Mother Nature routinely deals with huge amounts of energy. In the case of hurricanes, some of the solar energy stored in the upper ocean is rapidly removed by strong winds in the form of evaporated water vapor, which then feeds the hurricane as the vapor condenses into rain and the “latent heat of condensation” is released.

That heating causes the warm core of the hurricane, creating the “eye” and producing the strong winds circling the eye. The rain itself falls back to the surface, and in the coming week eastern Texas will no doubt be dealing with one of the worst flooding disasters on record with 1 to 3 feet of rain.

The amount of energy released in such a storm is staggering. It can be computed that the average hurricane releases the energy equivalent of 10 Hiroshima-class bombs every second.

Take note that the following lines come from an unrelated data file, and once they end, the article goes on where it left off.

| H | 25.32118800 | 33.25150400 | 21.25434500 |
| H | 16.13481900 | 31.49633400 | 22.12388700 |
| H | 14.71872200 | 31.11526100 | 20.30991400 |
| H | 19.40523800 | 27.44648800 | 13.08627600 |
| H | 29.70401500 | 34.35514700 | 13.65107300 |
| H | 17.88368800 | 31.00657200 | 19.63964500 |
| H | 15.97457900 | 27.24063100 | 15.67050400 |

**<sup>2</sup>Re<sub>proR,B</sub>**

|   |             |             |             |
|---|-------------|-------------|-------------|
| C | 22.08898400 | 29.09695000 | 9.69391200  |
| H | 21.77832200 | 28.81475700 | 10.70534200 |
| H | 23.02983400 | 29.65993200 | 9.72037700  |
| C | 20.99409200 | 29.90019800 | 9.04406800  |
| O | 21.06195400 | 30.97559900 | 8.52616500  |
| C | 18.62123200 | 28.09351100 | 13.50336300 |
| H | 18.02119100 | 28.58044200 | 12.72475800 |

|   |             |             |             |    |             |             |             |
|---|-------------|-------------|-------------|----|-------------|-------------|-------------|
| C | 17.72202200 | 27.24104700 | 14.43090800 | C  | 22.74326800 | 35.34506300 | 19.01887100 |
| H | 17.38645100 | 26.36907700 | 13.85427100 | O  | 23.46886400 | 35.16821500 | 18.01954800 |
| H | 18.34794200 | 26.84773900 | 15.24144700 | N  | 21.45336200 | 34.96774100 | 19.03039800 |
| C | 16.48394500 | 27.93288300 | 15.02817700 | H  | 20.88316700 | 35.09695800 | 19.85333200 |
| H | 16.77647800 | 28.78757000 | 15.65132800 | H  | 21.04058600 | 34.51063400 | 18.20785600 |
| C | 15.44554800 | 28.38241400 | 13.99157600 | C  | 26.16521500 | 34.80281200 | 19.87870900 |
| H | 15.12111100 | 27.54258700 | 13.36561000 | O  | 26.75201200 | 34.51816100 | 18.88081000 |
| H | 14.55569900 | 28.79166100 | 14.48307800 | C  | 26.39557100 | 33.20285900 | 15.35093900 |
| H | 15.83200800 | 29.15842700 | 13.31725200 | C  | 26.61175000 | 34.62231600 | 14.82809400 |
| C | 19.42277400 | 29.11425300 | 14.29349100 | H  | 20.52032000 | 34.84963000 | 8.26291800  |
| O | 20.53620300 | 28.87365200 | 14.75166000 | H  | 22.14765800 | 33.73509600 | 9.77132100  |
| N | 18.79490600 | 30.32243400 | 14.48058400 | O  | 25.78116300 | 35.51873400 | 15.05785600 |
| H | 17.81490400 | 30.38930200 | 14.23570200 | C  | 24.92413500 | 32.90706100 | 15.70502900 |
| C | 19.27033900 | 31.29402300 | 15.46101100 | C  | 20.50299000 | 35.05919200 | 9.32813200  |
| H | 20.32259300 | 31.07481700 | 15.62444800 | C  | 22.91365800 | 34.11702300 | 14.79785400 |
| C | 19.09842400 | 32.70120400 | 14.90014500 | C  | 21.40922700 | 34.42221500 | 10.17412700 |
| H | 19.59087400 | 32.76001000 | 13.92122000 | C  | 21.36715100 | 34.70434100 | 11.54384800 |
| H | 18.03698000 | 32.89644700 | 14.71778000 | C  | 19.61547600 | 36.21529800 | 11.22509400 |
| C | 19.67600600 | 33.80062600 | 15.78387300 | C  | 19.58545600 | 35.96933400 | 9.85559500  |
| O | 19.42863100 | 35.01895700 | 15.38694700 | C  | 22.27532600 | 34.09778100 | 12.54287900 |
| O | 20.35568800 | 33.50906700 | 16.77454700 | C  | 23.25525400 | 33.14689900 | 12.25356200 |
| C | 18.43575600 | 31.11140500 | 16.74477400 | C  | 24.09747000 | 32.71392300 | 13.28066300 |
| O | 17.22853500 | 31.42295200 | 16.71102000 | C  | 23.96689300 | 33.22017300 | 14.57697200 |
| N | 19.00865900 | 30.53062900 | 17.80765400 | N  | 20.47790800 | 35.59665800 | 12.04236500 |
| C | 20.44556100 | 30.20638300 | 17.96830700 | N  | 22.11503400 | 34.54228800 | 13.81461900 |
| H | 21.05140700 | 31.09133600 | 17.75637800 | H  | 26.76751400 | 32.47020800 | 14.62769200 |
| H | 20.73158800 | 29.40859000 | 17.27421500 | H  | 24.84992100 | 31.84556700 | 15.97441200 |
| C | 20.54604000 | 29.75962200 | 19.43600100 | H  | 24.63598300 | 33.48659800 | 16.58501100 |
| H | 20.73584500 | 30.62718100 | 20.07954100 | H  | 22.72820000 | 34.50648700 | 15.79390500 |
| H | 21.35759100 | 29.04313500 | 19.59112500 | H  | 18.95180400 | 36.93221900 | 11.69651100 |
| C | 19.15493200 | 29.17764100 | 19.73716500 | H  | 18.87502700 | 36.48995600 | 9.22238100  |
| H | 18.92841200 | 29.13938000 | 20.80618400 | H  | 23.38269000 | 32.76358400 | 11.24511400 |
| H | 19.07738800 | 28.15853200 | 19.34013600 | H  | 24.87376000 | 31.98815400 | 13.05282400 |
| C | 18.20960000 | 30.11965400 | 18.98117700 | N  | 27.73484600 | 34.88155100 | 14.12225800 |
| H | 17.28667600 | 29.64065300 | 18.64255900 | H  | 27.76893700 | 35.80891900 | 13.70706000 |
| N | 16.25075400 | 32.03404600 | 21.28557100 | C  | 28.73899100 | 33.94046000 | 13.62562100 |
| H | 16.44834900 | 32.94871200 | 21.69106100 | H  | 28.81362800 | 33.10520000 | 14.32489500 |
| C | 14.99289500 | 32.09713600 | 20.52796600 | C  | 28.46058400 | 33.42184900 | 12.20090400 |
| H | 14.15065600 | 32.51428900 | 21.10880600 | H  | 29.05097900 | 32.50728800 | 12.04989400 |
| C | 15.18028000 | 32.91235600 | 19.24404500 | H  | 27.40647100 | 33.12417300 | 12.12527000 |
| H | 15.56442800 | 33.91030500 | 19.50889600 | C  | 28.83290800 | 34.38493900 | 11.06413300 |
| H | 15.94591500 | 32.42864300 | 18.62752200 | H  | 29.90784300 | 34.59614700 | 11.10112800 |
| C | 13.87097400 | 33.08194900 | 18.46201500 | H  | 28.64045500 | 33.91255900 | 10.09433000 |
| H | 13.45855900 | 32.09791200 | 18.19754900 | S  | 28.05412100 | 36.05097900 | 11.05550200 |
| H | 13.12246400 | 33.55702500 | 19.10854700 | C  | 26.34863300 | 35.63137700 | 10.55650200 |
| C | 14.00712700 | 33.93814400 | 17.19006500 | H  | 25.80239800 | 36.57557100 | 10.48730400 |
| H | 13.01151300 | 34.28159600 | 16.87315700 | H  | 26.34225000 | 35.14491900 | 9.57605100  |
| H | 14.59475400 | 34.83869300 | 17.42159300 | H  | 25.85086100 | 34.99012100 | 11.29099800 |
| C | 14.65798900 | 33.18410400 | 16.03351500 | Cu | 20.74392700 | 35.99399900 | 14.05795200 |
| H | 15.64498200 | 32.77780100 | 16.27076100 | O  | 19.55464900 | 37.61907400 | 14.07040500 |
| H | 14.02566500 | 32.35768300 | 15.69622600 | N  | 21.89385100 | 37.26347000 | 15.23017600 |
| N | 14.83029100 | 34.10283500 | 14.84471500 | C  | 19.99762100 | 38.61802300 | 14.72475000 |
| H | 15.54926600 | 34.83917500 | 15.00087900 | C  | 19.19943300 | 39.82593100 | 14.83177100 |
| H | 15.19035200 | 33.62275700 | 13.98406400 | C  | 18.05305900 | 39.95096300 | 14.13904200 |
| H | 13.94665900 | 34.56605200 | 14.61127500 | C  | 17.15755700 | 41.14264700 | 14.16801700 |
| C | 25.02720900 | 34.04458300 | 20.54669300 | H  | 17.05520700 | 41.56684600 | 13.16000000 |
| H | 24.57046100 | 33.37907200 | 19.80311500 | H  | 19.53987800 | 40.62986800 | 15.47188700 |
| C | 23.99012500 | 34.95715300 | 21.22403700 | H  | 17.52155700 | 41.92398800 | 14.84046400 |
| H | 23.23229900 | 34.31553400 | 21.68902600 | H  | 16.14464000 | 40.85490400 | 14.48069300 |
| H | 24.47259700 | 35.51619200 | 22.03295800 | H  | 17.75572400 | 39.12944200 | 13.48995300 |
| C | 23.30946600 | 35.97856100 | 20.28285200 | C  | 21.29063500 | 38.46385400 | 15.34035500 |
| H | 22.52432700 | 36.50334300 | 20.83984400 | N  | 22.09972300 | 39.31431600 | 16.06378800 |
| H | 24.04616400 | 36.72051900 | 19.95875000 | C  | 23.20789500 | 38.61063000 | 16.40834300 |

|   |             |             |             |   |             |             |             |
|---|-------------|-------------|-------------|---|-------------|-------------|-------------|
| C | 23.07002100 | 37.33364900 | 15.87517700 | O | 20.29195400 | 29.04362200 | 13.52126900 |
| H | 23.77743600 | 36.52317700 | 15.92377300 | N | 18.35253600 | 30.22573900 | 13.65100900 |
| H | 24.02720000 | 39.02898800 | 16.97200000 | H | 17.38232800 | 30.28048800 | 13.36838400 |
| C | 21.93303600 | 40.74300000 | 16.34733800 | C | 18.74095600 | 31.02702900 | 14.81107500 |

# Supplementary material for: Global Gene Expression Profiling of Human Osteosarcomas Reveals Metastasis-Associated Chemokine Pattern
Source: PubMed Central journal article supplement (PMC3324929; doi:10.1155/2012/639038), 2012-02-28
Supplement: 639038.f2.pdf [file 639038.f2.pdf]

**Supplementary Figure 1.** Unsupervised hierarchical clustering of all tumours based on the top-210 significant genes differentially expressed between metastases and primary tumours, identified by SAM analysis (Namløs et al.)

That’s approximately 1 million atomic bombs per day. Given Harvey’s size and intensity, I suspect the real number is even larger.

As the above image shows, nature can be beautiful and dangerous at the same time.

Skeptic Beating Al Gore on Amazon

Thursday, August 24th, 2017

Al Gore’s new movie, An Inconvenient Sequel: Truth to Power, has been in theaters for about a month now, and has received rather tepid reviews.

The Kindle e-book version of Gore’s movie, despite being very colorful, has been doing even worse and is currently running at #20,768 overall on Amazon, and is not ranked #1 in any sub-category.

But the skeptic take-down of Gore’s new movie and book, An Inconvenient Deception: How Al Gore Distorts Climate Science and Energy Policy, is at #956, and is #1 in three sub-categories.

What makes the discrepancy even worse is that An Inconvenient Deception was self published, with no paid advertising.

Maybe people are finally wising up to Mr. Gore.

Space Station Crossed the Sun During Eclipse

Wednesday, August 23rd, 2017

Now that a day or so has passed since the total solar eclipse raced across the United States, we are beginning to see some of the better photos from professional photographers appear.